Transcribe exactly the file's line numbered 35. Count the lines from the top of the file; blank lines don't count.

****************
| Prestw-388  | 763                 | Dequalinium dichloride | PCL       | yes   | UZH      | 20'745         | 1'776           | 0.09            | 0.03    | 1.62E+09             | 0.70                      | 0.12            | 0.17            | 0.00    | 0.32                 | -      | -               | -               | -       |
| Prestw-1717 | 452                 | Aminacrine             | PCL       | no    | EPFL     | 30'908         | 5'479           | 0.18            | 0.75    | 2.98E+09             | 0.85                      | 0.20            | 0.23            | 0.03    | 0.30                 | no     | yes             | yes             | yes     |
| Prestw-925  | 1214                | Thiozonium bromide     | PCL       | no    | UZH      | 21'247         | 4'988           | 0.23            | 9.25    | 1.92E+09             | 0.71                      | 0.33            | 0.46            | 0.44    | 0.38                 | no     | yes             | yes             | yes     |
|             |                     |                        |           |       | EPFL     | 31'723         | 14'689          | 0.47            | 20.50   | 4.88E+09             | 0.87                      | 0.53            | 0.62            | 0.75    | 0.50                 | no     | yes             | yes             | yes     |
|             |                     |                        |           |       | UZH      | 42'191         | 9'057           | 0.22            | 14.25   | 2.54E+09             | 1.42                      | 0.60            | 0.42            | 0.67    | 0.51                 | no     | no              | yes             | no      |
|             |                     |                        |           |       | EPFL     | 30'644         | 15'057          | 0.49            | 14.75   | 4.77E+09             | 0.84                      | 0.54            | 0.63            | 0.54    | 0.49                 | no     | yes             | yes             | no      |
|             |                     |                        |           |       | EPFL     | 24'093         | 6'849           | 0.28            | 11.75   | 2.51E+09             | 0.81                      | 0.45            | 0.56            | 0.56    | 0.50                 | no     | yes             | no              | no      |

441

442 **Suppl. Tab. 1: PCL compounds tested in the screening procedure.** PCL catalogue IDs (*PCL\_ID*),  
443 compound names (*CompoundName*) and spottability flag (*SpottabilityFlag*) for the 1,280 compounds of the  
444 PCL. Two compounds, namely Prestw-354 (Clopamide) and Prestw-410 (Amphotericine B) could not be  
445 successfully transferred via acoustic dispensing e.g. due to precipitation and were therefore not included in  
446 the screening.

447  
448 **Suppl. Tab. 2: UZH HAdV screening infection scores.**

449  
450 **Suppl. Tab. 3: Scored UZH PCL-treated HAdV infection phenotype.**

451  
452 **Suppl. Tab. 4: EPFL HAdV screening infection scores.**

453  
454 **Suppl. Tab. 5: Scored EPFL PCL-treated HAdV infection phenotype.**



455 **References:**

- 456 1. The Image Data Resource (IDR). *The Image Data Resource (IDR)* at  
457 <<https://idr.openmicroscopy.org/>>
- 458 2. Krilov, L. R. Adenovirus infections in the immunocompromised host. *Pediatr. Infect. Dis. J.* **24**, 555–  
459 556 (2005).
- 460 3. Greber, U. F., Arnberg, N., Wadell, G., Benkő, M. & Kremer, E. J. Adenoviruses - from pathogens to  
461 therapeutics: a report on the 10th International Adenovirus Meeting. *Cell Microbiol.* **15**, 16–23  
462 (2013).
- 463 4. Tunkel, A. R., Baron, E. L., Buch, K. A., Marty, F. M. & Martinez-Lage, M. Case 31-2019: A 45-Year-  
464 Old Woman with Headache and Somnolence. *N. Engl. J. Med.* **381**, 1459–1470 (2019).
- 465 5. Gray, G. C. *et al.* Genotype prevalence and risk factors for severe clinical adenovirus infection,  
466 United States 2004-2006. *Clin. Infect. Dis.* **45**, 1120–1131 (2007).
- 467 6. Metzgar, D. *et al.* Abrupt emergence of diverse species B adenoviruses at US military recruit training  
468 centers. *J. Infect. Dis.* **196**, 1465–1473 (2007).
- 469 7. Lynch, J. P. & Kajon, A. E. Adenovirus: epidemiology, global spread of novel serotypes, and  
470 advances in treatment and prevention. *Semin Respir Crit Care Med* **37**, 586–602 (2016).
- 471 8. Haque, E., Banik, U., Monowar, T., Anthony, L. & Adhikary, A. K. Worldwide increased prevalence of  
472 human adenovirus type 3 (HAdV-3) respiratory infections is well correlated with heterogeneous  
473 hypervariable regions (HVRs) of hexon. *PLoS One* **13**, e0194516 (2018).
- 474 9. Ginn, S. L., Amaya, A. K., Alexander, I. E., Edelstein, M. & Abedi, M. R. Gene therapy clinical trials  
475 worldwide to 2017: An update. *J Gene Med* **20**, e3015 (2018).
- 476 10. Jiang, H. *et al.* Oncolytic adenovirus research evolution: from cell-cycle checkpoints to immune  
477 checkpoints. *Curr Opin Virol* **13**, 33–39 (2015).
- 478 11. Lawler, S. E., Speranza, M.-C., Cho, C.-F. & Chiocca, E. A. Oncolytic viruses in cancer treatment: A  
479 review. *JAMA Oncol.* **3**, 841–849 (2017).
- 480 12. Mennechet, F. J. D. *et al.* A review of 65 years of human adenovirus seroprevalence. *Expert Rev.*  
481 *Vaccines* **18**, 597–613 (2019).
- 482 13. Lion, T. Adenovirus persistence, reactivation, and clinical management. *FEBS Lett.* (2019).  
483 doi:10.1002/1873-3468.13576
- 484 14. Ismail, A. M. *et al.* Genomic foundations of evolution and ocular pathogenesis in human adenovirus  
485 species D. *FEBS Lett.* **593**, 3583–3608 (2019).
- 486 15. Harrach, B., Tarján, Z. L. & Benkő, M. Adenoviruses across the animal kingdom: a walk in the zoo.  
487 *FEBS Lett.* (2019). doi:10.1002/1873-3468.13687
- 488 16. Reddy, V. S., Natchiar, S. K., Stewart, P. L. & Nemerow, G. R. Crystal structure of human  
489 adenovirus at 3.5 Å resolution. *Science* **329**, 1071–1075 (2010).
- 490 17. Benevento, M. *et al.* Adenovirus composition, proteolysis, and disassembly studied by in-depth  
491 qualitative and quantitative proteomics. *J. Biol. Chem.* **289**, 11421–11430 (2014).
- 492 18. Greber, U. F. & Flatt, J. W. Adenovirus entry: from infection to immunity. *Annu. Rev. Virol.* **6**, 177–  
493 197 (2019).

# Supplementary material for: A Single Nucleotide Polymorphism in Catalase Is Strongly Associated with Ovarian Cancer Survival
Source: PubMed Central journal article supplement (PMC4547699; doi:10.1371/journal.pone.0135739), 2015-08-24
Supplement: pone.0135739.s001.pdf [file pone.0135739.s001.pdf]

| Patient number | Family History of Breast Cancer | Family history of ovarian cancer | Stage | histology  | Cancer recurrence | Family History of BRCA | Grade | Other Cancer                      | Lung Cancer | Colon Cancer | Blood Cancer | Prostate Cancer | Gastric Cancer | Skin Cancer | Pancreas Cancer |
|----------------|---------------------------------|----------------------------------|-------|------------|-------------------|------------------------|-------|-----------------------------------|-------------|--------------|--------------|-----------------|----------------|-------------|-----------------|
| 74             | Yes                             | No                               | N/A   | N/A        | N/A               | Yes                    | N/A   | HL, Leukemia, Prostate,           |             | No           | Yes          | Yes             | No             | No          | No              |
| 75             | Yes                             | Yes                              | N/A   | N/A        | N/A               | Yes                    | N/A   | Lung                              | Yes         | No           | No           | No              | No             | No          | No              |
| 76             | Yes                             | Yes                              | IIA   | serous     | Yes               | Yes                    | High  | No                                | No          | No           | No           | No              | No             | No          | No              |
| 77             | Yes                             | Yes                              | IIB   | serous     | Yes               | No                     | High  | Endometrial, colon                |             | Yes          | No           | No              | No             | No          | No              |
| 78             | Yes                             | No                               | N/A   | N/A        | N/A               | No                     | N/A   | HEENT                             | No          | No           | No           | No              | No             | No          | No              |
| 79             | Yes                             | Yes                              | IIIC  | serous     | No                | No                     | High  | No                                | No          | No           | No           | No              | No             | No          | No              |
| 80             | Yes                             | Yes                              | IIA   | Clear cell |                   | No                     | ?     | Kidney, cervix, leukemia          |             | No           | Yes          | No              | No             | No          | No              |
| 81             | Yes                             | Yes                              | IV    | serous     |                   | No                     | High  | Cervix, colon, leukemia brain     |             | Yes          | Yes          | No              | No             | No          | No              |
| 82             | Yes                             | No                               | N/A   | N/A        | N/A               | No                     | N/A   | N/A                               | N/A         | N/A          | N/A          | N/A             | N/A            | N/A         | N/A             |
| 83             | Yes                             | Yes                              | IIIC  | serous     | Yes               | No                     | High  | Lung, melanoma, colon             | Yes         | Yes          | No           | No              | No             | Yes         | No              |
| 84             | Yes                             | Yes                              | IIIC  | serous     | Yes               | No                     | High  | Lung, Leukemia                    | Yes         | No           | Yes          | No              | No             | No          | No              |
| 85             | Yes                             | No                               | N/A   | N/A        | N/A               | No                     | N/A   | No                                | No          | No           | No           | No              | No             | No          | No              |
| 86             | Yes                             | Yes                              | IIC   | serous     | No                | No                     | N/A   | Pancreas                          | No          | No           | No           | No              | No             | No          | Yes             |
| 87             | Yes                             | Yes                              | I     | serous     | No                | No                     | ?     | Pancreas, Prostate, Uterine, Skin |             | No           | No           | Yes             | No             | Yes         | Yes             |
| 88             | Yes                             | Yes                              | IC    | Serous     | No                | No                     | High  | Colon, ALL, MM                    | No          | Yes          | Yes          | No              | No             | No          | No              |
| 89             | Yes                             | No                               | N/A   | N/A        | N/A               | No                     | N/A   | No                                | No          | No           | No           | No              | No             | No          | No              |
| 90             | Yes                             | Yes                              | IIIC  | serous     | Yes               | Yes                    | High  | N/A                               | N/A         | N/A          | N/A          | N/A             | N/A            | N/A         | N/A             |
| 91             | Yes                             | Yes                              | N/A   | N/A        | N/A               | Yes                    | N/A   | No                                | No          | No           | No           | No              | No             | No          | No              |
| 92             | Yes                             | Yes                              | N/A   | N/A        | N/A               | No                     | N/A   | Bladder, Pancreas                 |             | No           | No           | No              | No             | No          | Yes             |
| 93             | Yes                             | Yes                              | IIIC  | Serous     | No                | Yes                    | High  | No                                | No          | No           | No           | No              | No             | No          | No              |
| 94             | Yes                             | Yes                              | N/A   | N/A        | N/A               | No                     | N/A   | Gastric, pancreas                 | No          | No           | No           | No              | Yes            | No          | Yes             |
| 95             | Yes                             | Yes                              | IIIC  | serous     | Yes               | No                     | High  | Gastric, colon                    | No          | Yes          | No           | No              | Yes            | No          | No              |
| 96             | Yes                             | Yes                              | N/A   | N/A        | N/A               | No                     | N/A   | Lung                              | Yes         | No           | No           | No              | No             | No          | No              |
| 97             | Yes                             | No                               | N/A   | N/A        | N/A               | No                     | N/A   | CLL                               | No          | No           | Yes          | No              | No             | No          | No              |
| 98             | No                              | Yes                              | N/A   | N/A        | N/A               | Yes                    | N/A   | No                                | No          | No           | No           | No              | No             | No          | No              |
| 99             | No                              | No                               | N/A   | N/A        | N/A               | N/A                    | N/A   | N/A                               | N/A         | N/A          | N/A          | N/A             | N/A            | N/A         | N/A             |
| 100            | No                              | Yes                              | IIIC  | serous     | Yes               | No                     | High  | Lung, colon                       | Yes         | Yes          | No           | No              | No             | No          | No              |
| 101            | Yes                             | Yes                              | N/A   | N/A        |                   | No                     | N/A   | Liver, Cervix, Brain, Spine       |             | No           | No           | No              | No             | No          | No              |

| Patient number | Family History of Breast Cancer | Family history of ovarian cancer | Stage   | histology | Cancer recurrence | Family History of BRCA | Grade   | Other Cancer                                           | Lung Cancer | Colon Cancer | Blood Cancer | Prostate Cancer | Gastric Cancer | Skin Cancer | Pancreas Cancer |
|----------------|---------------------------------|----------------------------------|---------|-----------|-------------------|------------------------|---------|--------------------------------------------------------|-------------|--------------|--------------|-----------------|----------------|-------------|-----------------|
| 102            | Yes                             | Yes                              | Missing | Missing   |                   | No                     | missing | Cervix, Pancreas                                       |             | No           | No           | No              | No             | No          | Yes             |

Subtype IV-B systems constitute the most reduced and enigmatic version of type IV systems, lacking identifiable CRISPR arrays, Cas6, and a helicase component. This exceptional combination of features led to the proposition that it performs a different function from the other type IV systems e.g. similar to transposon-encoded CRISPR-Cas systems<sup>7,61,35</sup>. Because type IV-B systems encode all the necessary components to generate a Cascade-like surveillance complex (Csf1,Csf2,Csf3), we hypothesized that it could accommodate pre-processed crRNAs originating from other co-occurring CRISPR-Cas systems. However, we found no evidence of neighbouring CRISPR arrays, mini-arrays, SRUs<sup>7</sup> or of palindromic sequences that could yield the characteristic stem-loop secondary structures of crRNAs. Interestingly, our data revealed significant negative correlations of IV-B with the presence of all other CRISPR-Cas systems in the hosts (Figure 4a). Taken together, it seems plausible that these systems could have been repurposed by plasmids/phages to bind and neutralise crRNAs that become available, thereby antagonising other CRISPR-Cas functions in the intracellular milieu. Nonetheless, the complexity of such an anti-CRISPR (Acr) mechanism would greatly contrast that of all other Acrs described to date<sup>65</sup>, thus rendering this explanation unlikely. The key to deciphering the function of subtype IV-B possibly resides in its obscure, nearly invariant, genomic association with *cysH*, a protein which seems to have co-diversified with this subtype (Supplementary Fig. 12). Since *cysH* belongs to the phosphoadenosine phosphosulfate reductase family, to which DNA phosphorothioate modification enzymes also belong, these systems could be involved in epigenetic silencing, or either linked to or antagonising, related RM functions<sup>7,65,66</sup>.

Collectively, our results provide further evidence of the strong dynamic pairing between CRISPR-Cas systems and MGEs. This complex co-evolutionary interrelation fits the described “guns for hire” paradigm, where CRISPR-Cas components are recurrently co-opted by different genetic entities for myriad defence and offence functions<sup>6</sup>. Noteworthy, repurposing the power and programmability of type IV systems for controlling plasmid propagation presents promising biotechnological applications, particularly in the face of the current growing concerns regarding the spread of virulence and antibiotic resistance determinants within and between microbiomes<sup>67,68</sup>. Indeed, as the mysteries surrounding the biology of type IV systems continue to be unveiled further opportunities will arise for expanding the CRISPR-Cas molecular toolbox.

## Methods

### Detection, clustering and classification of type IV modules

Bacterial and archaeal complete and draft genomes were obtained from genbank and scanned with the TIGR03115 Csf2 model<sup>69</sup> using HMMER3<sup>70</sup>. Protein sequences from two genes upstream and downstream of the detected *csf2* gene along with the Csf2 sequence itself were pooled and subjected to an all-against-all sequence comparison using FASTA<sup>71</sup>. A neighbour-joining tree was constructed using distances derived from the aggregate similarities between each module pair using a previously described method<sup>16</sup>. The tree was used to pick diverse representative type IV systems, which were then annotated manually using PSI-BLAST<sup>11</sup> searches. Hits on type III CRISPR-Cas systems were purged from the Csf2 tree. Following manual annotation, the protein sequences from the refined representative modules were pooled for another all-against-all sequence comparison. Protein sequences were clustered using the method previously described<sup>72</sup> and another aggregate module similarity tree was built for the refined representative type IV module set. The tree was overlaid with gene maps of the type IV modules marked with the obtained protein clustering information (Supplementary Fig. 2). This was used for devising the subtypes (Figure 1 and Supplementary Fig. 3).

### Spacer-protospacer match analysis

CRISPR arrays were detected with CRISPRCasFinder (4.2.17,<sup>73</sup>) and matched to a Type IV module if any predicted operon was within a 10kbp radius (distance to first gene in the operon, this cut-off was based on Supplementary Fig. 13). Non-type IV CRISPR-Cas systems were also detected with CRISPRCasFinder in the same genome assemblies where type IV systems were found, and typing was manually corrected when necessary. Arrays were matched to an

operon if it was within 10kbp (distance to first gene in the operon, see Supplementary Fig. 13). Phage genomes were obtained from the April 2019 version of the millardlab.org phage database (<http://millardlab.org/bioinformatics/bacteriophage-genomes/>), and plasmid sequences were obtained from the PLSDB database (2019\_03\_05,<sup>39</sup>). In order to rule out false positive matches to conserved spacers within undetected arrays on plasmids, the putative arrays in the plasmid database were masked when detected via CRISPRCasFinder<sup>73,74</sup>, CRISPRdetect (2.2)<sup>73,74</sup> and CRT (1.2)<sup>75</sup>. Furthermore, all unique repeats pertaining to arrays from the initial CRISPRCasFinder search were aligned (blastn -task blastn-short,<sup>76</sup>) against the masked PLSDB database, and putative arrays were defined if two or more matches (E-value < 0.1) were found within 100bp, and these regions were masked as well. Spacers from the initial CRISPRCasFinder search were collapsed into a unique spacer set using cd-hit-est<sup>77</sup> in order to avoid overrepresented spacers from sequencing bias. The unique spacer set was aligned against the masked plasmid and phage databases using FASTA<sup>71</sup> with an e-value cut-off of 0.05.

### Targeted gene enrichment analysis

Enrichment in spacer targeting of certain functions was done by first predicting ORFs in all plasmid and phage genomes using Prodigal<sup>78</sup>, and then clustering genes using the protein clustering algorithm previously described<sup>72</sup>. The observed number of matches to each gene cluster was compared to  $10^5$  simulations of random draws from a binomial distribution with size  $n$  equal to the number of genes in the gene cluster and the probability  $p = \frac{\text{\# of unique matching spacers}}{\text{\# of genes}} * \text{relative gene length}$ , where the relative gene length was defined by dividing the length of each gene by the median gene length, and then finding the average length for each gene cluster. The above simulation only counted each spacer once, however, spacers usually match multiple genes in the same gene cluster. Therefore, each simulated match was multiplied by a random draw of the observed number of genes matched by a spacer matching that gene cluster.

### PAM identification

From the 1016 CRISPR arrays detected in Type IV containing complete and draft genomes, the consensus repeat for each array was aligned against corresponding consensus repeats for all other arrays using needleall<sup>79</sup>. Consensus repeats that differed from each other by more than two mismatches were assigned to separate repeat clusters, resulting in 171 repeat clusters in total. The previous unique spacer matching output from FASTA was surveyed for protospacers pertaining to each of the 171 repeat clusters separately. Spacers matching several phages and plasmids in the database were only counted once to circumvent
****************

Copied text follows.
468 centers. *J. Infect. Dis.* **196**, 1465–1473 (2007).